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7 hours ago, OR Transit Fan said:

I wasn't too sure of the agency either. My first thought was Community Transit but then saw the red stripes over the driver's window.

Random thought but I was wondering if the C-Tran order of RTS's were piggybacked somehow to the Tri-Met order back in the 80's... 

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22 hours ago, kainoa3 said:

Random thought but I was wondering if the C-Tran order of RTS's were piggybacked somehow to the Tri-Met order back in the 80's... 

I have thought the same thing. It wouldn't surprise me if one of them piggybacked off of each other.

Then again, the C-Tran were the more common 96 inch wide models, whereas TriMet had 102 inch wide.

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On 8/16/2017 at 8:48 PM, OR Transit Fan said:

I have thought the same thing. It wouldn't surprise me if one of them piggybacked off of each other.

Then again, the C-Tran were the more common 96 inch wide models, whereas TriMet had 102 inch wide.

What's interesting to me is the complete lack of interest by PNW transit agencies in the RTS buses. I never understood this as it was easily the most popular bus of the 80's and early 90's. 

I think community transit is the only PNW agency that even reordered the RTS's after an initial order.

I've read multiple places that Portland drivers hate those buses. 

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3 hours ago, kainoa3 said:

What's interesting to me is the complete lack of interest by PNW transit agencies in the RTS buses. I never understood this as it was easily the most popular bus of the 80's and early 90's. 

I think community transit is the only PNW agency that even reordered the RTS's after an initial order.

I've read multiple places that Portland drivers hate those buses. 

Salem liked the RTS.    Lack of a front door lift until the WFD model was an issue for many operators.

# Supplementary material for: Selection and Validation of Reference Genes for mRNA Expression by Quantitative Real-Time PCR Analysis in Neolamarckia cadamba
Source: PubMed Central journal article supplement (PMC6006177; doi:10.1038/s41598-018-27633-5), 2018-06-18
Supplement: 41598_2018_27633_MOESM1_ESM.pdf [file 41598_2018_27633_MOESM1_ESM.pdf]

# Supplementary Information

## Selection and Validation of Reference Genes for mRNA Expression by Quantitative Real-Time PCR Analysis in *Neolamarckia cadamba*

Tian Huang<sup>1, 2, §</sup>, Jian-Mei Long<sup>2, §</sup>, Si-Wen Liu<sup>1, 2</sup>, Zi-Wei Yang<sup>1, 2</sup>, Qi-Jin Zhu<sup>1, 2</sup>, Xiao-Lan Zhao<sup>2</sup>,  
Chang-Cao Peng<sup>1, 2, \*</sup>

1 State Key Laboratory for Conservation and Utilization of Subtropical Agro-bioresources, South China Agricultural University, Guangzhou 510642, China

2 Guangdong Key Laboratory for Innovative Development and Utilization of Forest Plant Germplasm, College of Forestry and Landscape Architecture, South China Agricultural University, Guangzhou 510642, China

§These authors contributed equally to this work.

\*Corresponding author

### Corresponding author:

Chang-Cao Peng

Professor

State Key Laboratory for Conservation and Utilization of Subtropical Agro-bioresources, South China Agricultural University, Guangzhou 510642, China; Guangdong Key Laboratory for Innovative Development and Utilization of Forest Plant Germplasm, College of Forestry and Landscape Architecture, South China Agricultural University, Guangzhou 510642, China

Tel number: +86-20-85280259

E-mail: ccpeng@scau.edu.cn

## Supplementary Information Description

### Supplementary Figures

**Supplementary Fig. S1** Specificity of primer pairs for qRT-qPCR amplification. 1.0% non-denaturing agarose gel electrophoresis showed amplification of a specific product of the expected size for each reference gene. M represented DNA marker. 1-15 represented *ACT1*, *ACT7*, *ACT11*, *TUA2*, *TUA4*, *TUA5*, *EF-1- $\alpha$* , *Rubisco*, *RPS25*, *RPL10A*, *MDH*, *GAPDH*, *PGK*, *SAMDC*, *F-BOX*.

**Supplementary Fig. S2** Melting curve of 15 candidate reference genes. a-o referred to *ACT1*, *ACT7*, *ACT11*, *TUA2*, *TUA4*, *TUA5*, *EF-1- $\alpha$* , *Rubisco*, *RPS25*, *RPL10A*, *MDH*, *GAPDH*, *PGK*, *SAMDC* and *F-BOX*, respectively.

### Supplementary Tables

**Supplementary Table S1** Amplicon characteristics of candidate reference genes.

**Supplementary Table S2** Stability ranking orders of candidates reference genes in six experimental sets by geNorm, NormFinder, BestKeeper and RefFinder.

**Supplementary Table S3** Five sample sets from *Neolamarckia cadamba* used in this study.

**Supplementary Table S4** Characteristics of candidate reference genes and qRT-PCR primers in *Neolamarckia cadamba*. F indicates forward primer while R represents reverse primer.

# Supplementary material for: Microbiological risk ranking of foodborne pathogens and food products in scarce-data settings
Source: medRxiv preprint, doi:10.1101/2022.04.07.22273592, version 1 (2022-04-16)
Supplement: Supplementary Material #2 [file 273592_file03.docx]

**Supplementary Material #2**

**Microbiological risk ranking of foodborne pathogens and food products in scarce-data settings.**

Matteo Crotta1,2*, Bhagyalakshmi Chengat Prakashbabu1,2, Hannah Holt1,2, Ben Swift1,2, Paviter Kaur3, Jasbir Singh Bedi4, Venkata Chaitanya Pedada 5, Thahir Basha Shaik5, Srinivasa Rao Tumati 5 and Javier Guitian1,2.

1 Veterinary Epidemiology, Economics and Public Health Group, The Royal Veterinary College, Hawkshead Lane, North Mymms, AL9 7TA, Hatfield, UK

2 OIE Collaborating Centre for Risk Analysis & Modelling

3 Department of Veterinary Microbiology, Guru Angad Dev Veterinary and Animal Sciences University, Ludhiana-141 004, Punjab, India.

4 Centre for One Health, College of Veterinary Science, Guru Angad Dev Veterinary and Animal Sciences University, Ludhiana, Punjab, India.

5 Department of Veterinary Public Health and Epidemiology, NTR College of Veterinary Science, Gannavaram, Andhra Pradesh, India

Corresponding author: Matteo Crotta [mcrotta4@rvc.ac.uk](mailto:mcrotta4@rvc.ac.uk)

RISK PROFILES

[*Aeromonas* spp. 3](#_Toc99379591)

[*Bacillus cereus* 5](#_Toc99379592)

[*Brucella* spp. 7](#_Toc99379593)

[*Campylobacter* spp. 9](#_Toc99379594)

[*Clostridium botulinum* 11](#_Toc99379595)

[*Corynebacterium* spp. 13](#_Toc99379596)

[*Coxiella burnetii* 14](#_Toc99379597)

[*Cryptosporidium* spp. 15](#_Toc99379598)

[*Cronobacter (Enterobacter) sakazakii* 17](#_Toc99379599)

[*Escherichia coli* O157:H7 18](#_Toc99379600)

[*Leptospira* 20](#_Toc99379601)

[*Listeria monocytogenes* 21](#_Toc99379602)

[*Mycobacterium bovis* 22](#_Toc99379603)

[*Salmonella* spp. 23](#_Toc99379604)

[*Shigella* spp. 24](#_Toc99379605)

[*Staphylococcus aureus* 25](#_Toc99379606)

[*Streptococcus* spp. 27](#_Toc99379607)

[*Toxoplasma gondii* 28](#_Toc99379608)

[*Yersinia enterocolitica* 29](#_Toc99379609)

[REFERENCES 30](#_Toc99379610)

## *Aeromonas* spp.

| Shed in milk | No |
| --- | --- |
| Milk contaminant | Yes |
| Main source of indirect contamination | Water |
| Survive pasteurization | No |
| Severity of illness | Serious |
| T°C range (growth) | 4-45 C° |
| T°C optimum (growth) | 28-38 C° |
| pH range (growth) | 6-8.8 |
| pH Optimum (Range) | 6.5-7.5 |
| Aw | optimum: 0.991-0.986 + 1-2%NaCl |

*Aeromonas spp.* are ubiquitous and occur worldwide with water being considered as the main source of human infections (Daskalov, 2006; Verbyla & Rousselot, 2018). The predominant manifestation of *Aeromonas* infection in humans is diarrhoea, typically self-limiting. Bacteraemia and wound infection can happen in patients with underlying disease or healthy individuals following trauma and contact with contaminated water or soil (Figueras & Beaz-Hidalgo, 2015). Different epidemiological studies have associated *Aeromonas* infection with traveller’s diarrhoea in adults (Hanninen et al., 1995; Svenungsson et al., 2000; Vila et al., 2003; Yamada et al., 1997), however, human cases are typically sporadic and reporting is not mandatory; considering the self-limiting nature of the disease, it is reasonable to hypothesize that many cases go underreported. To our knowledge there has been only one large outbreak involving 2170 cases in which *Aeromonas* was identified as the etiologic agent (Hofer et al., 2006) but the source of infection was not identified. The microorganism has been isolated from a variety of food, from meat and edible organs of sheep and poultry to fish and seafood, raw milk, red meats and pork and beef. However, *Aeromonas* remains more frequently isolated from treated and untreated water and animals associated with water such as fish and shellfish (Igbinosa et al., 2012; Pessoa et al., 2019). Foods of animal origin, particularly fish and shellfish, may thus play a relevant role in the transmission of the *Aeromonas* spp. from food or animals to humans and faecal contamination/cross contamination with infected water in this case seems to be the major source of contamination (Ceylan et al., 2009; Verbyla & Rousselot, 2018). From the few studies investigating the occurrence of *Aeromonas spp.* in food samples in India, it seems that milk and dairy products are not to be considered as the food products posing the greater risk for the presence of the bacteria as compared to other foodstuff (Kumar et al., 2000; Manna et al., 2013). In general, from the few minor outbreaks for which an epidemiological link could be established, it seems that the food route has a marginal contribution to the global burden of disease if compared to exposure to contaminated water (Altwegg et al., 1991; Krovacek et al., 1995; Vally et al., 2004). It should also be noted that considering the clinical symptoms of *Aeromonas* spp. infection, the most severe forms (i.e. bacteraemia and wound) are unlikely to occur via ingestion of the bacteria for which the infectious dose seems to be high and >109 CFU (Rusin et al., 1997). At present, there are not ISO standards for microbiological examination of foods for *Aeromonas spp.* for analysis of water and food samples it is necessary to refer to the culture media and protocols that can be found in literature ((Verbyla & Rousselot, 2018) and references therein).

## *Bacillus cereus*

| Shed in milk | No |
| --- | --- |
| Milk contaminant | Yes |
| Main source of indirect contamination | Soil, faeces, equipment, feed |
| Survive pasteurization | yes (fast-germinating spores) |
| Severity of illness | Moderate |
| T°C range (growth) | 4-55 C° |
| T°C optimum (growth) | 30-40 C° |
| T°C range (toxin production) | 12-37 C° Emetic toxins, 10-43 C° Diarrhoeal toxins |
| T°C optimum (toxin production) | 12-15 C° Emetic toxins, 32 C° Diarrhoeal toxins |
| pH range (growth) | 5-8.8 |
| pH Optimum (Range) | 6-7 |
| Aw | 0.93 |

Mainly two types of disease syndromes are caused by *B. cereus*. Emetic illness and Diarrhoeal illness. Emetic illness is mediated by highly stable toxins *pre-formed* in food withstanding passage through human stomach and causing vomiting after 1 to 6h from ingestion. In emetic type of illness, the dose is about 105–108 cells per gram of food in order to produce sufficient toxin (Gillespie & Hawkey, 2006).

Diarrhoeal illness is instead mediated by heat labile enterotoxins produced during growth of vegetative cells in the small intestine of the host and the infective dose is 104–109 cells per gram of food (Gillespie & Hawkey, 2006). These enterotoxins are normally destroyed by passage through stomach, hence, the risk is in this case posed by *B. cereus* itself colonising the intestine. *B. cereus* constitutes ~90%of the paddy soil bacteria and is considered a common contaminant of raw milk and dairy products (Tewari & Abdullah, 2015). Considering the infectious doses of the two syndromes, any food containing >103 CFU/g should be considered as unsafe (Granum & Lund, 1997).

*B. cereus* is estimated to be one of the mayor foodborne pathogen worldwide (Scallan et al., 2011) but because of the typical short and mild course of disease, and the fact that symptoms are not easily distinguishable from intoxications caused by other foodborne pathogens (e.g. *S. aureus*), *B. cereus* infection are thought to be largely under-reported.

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From my recollection, KCM in Seattle used that very excuse and rejected even considering ordering the RTS in the 70s and 80s  ...the lift issue.  They insisted the lift be on the front door (and I'm glad they did as a rear door lift is a pain in the ass for a driver).

Another reason in addition to the hassle a rear door wheelchair lift was that drivers everywhere tended to not like driving the RTS is that they had a significantly longer wheelbase as compared to buses of comparable overall length.  Therefore, they were more difficult to maneuver in tight situations and a lot more difficult making turns  ...especially right turns.  

As an example, many drivers were used to driving fishbowls.  Like TriMet, many agencies at that time still had at least a small fleet of fishbowls.  So when drivers had to switch back and forth from a fishbowl to an RTS, it was a lot more cumbersome to drive an RTS as they had over a foot longer wheelbase compared to a 40-foot fishbowl.  It may not seem like much but believe me, a wheelbase of over a foot longer makes a HUGE difference.  It may make the ride nicer along with the possible advantage of a shorter rear overhang but makes a bus significantly more unwieldy and awkward to drive.  A long wheelbase may be nice for OTR coaches but for a city transit bus, a shorter wheelbase makes a lot more sense. 

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10 hours ago, roamer said:

From my recollection, KCM in Seattle used that very excuse and rejected even considering ordering the RTS in the 70s and 80s  ...the lift issue.  They insisted the lift be on the front door (and I'm glad they did as a rear door lift is a pain in the ass for a driver).

Another reason in addition to the hassle a rear door wheelchair lift was that drivers everywhere tended to not like driving the RTS is that they had a significantly longer wheelbase as compared to buses of comparable overall length.  Therefore, they were more difficult to maneuver in tight situations and a lot more difficult making turns  ...especially right turns.